“The Best Interface is No Interface” Book
I wrote an essay way back in 2012 to try get those in tech world to make something better than an addicting app that measures success based on how many clicks and taps it gets. Right now, the average teenager in the United States — who is mostly in school — looks at a screen for over 7.5 hours a day. That’s sad. That’s crazy. Adults? We’re worse off: over 8 hours a day.
While smartphone sales were ramping up, I thought no one would care about my alternate viewpoint, but I was wrong. It turned into something like a cult classic. The minority who believed in my message started inviting me to do lectures in front of big crowds around the world, and then an unsolicited offer to write this book.
I spent years on this book, hoping to show people a way to make invisible, seamless, smarter technology with no screens at all, and I’m so proud of it. I think we did a wonderful job with the book; it’s really beautiful. And due to global demand, the book has now been translated into Japanese, and is being translated in Korean and Chinese. I couldn’t be happier with it, but there is a lot of work left to do to change minds and build a better, screen-less future. The revolution is just getting underway.
In today’s workplace, where nearly every office is essentially a bunch of giant monitors in rows, some people look at me funny when I spend hours with paper and pen. But sketching is at the heart and soul of the creative process. Want an original idea? Draw. When you let all the buzzing and beeping of smartphones and email go, you can just let your mind wander. It’s nice to get away from the screens and think. The thing about Livescribe, which was actually designed in Oakland just miles from where I live now, is that it is actually a computer, so everything I draw is instantly saved and can be easily shared. I love that. It’s the perfect kind of tech that just gets out of the way.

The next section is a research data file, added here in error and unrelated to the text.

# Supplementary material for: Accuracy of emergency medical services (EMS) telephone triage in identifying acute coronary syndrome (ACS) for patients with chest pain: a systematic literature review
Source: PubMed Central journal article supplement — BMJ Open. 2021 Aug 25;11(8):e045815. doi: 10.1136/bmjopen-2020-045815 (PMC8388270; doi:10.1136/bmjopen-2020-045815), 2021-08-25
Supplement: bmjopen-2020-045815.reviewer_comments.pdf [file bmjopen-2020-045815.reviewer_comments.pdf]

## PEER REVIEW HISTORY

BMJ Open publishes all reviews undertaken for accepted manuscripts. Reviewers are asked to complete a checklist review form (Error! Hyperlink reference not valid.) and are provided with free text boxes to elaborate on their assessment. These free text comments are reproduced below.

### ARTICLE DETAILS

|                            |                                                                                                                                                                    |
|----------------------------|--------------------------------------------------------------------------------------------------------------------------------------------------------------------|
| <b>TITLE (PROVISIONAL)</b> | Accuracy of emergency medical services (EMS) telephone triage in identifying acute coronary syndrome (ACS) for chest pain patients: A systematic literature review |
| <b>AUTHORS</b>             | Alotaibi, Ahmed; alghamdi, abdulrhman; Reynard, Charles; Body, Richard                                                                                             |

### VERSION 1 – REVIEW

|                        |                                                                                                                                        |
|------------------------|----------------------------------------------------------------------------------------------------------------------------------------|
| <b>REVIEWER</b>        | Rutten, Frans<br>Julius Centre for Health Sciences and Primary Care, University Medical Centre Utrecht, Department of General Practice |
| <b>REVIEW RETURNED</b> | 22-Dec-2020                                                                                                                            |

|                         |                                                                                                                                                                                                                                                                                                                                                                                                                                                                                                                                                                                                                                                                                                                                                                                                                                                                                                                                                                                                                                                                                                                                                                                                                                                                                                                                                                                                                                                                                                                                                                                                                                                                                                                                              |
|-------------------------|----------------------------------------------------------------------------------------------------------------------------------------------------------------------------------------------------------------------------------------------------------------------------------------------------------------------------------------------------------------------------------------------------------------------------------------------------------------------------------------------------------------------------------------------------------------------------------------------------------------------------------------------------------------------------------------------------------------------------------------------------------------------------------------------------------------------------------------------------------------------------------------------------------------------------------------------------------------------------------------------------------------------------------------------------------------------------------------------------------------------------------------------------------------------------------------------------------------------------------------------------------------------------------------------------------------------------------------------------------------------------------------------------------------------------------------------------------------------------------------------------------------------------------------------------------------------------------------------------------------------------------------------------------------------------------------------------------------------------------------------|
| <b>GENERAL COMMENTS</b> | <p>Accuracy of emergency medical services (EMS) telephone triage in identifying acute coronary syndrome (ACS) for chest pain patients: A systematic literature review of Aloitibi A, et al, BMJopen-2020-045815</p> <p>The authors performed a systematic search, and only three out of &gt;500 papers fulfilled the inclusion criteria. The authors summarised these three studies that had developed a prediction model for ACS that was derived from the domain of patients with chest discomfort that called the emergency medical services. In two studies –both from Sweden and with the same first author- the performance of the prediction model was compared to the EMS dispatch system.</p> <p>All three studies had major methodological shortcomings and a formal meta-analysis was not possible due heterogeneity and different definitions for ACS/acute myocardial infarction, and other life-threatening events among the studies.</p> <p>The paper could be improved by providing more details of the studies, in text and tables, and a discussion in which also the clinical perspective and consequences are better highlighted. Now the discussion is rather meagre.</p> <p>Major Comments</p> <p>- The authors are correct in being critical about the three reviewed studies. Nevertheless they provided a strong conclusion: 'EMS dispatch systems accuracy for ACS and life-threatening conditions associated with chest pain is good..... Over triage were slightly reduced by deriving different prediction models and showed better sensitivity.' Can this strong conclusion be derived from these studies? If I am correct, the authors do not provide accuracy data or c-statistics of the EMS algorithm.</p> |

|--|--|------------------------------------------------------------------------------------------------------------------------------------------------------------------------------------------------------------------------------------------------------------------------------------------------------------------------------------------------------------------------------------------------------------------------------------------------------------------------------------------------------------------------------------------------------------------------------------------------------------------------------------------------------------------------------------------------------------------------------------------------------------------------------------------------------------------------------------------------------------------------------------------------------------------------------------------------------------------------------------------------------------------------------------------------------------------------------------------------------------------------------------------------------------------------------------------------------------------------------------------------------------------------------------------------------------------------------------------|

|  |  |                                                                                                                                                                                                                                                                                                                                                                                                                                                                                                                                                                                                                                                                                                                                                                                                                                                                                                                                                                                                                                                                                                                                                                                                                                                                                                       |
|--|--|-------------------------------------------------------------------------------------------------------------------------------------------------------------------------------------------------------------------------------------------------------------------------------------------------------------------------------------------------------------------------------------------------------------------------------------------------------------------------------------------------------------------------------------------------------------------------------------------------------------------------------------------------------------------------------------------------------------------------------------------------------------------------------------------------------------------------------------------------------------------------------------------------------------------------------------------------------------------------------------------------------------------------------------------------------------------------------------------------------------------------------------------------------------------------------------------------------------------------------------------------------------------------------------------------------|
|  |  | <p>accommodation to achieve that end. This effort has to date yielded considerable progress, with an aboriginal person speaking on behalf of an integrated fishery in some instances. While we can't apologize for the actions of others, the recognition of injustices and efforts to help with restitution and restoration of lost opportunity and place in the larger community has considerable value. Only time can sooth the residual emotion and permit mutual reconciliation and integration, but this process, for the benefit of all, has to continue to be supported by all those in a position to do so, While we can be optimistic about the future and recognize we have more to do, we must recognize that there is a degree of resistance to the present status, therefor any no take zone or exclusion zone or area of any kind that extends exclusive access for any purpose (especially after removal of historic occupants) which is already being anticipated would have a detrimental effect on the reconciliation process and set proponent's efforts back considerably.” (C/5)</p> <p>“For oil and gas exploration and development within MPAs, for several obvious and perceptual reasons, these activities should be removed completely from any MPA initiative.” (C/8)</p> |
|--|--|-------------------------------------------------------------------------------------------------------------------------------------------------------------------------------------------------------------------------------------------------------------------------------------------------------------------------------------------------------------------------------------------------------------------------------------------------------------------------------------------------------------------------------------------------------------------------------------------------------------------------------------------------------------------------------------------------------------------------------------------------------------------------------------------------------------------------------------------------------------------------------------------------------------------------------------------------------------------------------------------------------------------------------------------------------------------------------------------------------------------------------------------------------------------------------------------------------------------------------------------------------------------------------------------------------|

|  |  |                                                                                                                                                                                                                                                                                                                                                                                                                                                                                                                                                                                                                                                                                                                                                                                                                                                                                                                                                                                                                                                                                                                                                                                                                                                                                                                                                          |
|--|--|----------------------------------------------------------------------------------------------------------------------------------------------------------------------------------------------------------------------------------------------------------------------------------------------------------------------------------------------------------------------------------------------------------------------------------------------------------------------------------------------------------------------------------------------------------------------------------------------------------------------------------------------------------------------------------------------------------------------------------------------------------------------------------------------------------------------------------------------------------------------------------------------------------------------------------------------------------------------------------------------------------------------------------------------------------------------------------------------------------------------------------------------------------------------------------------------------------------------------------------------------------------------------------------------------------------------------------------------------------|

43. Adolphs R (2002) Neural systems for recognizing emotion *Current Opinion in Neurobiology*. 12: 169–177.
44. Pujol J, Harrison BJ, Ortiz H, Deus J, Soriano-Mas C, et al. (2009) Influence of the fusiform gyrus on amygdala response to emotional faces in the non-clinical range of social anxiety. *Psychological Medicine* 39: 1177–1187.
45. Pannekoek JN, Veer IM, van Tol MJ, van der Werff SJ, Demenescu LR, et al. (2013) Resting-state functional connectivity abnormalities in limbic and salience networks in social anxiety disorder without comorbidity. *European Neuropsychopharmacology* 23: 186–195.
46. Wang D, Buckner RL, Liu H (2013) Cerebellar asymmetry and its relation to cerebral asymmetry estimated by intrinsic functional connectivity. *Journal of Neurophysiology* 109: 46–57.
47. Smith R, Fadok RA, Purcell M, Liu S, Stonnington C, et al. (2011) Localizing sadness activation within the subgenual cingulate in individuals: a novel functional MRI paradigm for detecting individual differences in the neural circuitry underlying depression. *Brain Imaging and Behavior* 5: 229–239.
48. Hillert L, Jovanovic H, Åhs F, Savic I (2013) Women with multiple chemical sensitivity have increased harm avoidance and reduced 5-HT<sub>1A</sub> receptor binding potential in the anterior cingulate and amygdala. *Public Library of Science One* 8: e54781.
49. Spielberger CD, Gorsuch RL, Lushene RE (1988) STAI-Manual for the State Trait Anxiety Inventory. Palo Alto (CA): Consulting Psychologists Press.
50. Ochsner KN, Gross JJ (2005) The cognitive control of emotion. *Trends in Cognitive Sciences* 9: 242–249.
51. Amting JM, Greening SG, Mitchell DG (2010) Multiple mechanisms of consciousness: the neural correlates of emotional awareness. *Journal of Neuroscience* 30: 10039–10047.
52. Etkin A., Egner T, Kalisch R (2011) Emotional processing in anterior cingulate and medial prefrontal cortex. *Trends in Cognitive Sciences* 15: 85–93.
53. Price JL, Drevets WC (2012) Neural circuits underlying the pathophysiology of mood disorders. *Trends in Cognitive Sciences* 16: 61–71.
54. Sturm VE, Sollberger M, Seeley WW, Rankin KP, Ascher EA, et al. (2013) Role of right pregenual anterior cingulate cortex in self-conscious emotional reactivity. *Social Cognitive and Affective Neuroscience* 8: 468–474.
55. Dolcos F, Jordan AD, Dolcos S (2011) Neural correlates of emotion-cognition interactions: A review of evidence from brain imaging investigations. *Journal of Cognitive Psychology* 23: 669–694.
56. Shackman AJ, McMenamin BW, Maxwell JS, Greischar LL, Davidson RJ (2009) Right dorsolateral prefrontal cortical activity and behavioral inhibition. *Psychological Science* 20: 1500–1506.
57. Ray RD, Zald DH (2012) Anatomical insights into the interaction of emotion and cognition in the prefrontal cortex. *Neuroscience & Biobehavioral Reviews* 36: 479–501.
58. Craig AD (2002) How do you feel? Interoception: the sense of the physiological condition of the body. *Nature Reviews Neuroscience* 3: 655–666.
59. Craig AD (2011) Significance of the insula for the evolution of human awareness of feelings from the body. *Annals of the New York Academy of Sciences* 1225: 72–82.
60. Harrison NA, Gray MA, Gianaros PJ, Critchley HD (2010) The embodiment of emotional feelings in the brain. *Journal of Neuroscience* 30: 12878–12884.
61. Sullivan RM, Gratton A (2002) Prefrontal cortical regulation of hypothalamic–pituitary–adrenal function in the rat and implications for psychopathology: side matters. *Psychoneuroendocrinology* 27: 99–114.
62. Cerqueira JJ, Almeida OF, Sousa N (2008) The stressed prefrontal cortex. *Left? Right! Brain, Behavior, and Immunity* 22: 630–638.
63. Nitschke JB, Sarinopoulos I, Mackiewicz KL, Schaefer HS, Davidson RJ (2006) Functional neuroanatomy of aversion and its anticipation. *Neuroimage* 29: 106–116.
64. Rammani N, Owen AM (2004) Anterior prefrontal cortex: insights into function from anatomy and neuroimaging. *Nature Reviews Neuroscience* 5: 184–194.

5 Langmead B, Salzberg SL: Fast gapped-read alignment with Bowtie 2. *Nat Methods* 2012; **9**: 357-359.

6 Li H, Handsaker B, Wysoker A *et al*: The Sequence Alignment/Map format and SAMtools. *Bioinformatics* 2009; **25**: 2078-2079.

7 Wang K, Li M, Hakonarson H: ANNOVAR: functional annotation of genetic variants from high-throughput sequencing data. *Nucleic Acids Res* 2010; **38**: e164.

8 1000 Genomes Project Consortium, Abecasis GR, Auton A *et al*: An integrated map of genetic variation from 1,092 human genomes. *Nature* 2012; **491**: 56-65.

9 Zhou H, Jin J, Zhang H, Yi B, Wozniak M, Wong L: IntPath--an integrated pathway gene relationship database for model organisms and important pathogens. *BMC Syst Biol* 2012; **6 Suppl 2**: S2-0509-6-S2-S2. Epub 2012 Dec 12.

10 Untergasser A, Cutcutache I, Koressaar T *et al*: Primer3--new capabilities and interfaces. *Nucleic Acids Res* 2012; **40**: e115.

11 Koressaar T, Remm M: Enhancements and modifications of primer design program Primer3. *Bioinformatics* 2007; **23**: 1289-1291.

Somehow, old nerdy guys in ill-fitted jeans showing off mechanical overpriced glass rectangles to a level that Wall Street appreciates (but put a case on it or it’ll break) became revered objects at the start of this decade. The alternate rising handmade counterculture creating unique products is really a breath of fresh air. We got these beautiful, handmade glasses from Mazama in Portland. Pour some water inside, and that slight blue tint is so beautiful. Look at that. Not to mention each one has its own handmade uniqueness. There’s a human behind that. And the weight of this thing? Just perfect. Hold that. See? That’s a fucking nice object.
I’m all about less; less screens, but also just less stuff. I like Bellroy wallets because they’re tiny, minimal, tiny. And with this one, the classic out the door mantra – keys, wallet, phone, … keys, wallet, phone – becomes just phone, and well, wallet. This little guy can stuff not just a ton of cards inside but a key too. That’s great. Love this thing. One less thing to remember every day. Hopefully one day we won’t need the phones either.
This watch has no numbers, embodies a classic typographic principle of contrast through thick and thin lines, and it’s wonderfully abstract…but it’s more than all of that Swiss goodness: it’s an homage to early invisible tech. The Swiss railway clocks this watch references actually have second hands that go around in 58.5 seconds instead of 60. After 58.5 seconds they pause and send out a small radio signal to each other so that the next second is perfectly coordinated. A nice, early piece of invisible tech from the 1940s.”
Robot Floor Cleaner
These guys are still too expensive for the mass market, but we love this thing. It sprays water, scrubs the floor, and vacuums it right up all on its own. When you’re done, you just pop this thing open and dump out the dirty water in the sink. There is a lot of fear about robots taking our jobs away and some of it is well-placed, but I’m really happy to not have to do this job (cleaning the floors) anymore.